This compounds why victims feel they cannot speak up about their abuse. They fear that they will be shamed, degraded, and ostracized in regards to their assault. This is not only because we live in a society that constantly blames the victim, but also because they now have a perceived loss of value, worth, and morality – all from no longer being a virgin or chaste. They may even think that after the abuse, no one else will want to be with or marry them, and speaking up will only make that worse. The emotional toll of shame-based messages prevents survivors from speaking up about their assault, fearing that they will be shamed or lose their value publicly.
We’re Having More Sex
Abstinence-only sex education may even encourage teens to have more sex after they’ve lost their virginity. Take for instance, when a girl is labeled a “slut”, even if she has no prior sexual experience. The label can become a self-fulfilling prophecy. She has already lost her value and is already considered a slut – so what does it matter if she goes on to have sex with 100 people? She can’t gain that perceived social value back by not having sex, so she might as well have more.
The same can happen for shame-based abstinence-only sex education. When a teen has sex for the first time, they may feel that their worth and value is now gone. They are already a “slut”. They can’t get that value and worth back by not having sex again. At that point, having more sex isn’t a big deal and won’t decrease their value, because it’s already at an all-time low.
Instead of teaching our teens responsible sexuality, we’re teaching them zero skills to live as a healthy sexual person. We’re teaching them that all sex outside of marriage is bad. That they’re bad. Why should they keep trying to live up to this image of purity that they know they won’t be able to attain? They may as well have fun with their bodies!
What Can We Do?
Getting involved and making a difference can feel like it’s completely out of reach. There are so many screwed up problems in this system, so it can be really complicated. But it doesn’t have to be. You can do things in your everyday life to make sure that not only are you informed but that the world is – whether it be educating your friends or standing up for policy changes you believe in. Here are some ideas on ways you can get involved in creating more sex-positive sex-education now and for future generations.
- Educate yourself. You can be your number one best advocate. Learn about your contraceptive options and talk about them with your partner. Read and support sex-positive news sites, share them with your friends, and have a general awareness of the issues.
- Educate others. If your friend thinks condoms don’t work, birth control causes cancer, that you can prevent pregnancy by jumping up and down, or something else non-factual – let them know what’s up, and cue them into medically accurate sex-positive, information. They’ll appreciate it and thank you later, I promise!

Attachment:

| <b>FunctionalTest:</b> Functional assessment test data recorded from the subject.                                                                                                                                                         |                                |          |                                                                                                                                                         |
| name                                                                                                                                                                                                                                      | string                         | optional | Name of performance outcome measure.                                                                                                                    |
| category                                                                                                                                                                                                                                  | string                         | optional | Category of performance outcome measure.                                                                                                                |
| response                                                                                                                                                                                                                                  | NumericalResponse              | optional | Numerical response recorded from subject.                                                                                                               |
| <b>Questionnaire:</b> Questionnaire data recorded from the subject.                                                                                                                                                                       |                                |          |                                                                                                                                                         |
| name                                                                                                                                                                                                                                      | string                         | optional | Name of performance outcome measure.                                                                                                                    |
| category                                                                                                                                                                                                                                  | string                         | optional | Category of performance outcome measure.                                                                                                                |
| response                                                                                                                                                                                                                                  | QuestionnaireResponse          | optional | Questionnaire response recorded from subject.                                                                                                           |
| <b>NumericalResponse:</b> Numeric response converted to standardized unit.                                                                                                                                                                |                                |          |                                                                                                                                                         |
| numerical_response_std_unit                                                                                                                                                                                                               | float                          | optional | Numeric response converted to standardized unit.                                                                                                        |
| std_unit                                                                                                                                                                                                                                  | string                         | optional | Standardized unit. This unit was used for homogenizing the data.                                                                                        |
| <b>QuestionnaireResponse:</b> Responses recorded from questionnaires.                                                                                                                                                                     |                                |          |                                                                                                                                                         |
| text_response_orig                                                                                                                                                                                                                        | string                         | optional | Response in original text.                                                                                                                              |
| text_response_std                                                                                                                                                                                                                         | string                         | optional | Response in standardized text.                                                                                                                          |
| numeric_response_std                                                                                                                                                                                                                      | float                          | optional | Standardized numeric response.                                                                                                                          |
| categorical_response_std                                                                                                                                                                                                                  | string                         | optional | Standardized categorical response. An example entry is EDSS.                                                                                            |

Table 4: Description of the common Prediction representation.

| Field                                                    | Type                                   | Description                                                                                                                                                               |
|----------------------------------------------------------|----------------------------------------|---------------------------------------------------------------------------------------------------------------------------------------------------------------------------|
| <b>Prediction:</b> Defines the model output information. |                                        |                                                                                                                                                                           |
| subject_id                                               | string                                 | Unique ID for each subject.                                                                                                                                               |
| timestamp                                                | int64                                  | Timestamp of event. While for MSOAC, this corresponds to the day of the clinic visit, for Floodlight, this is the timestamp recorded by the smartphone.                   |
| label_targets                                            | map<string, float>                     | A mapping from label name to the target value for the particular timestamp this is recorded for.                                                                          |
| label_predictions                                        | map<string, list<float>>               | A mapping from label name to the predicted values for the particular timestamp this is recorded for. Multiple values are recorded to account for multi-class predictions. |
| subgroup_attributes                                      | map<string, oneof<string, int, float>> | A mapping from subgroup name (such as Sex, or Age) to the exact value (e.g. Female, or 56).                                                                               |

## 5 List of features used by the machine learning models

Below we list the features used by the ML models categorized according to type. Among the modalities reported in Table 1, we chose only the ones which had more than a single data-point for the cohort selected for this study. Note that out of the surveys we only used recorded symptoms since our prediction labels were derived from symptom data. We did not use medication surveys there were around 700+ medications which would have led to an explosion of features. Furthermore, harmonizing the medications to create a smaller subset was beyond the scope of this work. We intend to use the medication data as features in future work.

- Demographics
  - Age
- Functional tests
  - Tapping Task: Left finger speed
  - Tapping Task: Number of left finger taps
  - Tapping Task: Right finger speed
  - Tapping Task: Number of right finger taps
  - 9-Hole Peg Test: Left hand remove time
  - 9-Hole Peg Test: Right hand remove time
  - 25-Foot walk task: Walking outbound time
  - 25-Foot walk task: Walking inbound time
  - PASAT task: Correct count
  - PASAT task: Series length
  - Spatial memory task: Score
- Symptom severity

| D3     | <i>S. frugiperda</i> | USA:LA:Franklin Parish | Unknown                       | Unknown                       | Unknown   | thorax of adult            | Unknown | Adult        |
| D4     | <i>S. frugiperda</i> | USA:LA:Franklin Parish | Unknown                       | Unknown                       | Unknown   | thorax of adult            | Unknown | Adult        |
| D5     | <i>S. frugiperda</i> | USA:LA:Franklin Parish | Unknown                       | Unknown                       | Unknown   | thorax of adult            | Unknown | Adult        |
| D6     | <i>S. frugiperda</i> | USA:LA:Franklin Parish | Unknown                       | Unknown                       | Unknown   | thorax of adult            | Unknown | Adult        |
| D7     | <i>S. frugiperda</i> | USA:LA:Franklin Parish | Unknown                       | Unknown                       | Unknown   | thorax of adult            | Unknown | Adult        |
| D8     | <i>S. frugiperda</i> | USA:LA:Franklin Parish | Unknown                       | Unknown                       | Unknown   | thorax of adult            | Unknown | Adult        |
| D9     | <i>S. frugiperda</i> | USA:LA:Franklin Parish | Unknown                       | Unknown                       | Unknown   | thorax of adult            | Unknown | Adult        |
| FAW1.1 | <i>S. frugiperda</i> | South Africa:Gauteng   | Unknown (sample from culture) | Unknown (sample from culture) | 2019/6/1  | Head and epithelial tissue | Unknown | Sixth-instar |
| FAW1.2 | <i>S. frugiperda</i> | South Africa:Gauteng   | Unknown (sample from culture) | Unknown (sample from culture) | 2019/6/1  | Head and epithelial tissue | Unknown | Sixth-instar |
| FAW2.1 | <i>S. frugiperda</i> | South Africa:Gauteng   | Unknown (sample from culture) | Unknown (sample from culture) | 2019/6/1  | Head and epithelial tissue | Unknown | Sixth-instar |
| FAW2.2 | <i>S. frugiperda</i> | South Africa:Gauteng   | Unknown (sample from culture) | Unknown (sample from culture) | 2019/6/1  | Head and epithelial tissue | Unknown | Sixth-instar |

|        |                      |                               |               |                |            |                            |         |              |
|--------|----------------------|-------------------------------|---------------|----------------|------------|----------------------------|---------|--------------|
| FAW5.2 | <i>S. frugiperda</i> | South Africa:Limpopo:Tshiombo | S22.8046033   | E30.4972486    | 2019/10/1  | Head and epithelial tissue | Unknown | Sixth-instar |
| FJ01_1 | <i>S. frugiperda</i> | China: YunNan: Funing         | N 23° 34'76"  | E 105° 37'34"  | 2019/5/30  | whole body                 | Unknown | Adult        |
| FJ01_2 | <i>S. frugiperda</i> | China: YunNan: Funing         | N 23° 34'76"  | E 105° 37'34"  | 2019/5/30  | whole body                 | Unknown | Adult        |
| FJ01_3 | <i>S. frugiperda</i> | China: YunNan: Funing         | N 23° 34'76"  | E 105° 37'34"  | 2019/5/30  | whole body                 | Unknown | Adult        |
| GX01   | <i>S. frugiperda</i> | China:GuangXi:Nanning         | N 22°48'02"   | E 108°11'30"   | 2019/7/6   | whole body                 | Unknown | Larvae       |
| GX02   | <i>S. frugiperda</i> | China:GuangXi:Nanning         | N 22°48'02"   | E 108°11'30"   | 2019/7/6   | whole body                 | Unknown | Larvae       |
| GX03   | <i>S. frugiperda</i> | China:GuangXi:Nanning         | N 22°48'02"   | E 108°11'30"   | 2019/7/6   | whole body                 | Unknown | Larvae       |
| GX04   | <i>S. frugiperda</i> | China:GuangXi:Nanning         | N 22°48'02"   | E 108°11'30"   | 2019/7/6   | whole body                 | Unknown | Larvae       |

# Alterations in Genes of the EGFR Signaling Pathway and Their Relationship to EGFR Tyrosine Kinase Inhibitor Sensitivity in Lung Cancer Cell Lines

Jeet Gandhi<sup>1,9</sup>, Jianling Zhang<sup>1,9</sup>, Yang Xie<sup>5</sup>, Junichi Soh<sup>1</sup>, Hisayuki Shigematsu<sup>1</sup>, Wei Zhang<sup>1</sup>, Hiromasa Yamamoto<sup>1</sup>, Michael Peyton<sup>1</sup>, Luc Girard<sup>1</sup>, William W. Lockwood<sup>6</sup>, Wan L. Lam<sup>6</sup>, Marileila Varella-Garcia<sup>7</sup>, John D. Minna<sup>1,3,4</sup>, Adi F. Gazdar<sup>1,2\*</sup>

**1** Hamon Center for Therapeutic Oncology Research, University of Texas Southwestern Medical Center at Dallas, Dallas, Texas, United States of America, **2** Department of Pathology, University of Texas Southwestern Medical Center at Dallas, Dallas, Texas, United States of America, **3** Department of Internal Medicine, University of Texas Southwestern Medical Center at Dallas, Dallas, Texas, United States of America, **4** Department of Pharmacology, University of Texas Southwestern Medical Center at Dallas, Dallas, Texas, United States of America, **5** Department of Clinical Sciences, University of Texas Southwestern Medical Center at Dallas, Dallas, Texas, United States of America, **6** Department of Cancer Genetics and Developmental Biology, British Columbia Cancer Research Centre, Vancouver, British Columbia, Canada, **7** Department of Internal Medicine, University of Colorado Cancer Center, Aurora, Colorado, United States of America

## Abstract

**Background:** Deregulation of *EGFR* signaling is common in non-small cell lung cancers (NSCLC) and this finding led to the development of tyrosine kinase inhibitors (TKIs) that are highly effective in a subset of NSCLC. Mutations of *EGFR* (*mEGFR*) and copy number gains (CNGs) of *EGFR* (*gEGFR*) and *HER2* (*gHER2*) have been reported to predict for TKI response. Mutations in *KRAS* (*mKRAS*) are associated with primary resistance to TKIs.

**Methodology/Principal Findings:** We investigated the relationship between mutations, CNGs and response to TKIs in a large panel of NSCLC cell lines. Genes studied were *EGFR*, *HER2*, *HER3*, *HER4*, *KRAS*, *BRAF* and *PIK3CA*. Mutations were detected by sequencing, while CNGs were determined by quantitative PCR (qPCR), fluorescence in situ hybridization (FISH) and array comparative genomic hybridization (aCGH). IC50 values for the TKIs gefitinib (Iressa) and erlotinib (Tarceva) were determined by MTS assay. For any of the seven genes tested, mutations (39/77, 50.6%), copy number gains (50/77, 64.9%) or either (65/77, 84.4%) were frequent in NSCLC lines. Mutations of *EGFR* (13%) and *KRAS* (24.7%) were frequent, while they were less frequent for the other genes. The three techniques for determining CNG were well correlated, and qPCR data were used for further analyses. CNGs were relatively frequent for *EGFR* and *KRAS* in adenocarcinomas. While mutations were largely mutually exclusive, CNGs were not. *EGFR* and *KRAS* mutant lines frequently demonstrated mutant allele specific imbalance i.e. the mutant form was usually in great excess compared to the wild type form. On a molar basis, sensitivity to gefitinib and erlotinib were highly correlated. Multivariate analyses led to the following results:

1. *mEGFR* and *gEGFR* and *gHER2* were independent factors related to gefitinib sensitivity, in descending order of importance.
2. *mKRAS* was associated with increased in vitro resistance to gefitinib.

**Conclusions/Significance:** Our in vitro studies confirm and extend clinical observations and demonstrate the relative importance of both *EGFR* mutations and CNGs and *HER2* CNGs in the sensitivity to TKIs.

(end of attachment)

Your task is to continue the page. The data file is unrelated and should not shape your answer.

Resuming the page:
- Call people out on their shit. If you read an article that’s not accurate, call them out in the comments! If you hear someone promoting abstinent only education, deliver them the facts. Sometimes, you just can’t change ignorant – but hopefully, we can change some people on the fence, and slowly make our way toward a more sex-positive world. This isn’t my strong suit, because I personally get anxious with confrontation, but it really is a powerful way to stand up for what’s right, if you can handle the heat.
- Vote for politicians with sex-positive policies. Stay up to date with the politicians running for office – whether it be local, state-wide, for senate, congress, or national. See how they feel about issues like birth control and abortion. If they’re advocating for rolling back women’s reproductive rights, or if they have a very conservative, religious perspective, you can almost guarantee that they aren’t supporting comprehensive sex education.
- Advocate for comprehensive sex education. If you have any voice in your local community or school system, advocate for comprehensive sex education to be taught. Provide them with medically accurate information and books from organizations like SEICUS. Be sure you’re educating your own children in sex-positive, responsible, healthy, medically accurate ways when you become a parent.
- Have your voice heard. Write for sex-positive websites (like Slutty Girl Problems) and share what you know, and what you believe in. Share your values on Facebook, Twitter, and to that douchebag on Tinder that can’t seem to comprehend basic equal rights. Start your own blog and promote it like crazy!
- Be an activist. Join feminist organizations that are helping to make a difference in reproductive rights and sex education. There are many organizations nationally and locally where you can help to make a difference – whether it’s through volunteering, organizing or supporting marches, or getting involved in public health invites. Every step forward is worth it!
Jessica Valenti – The Purity Myth
Leora Tanenbaum – I Am Not a Slut: Slut Shaming in the Age of the Internet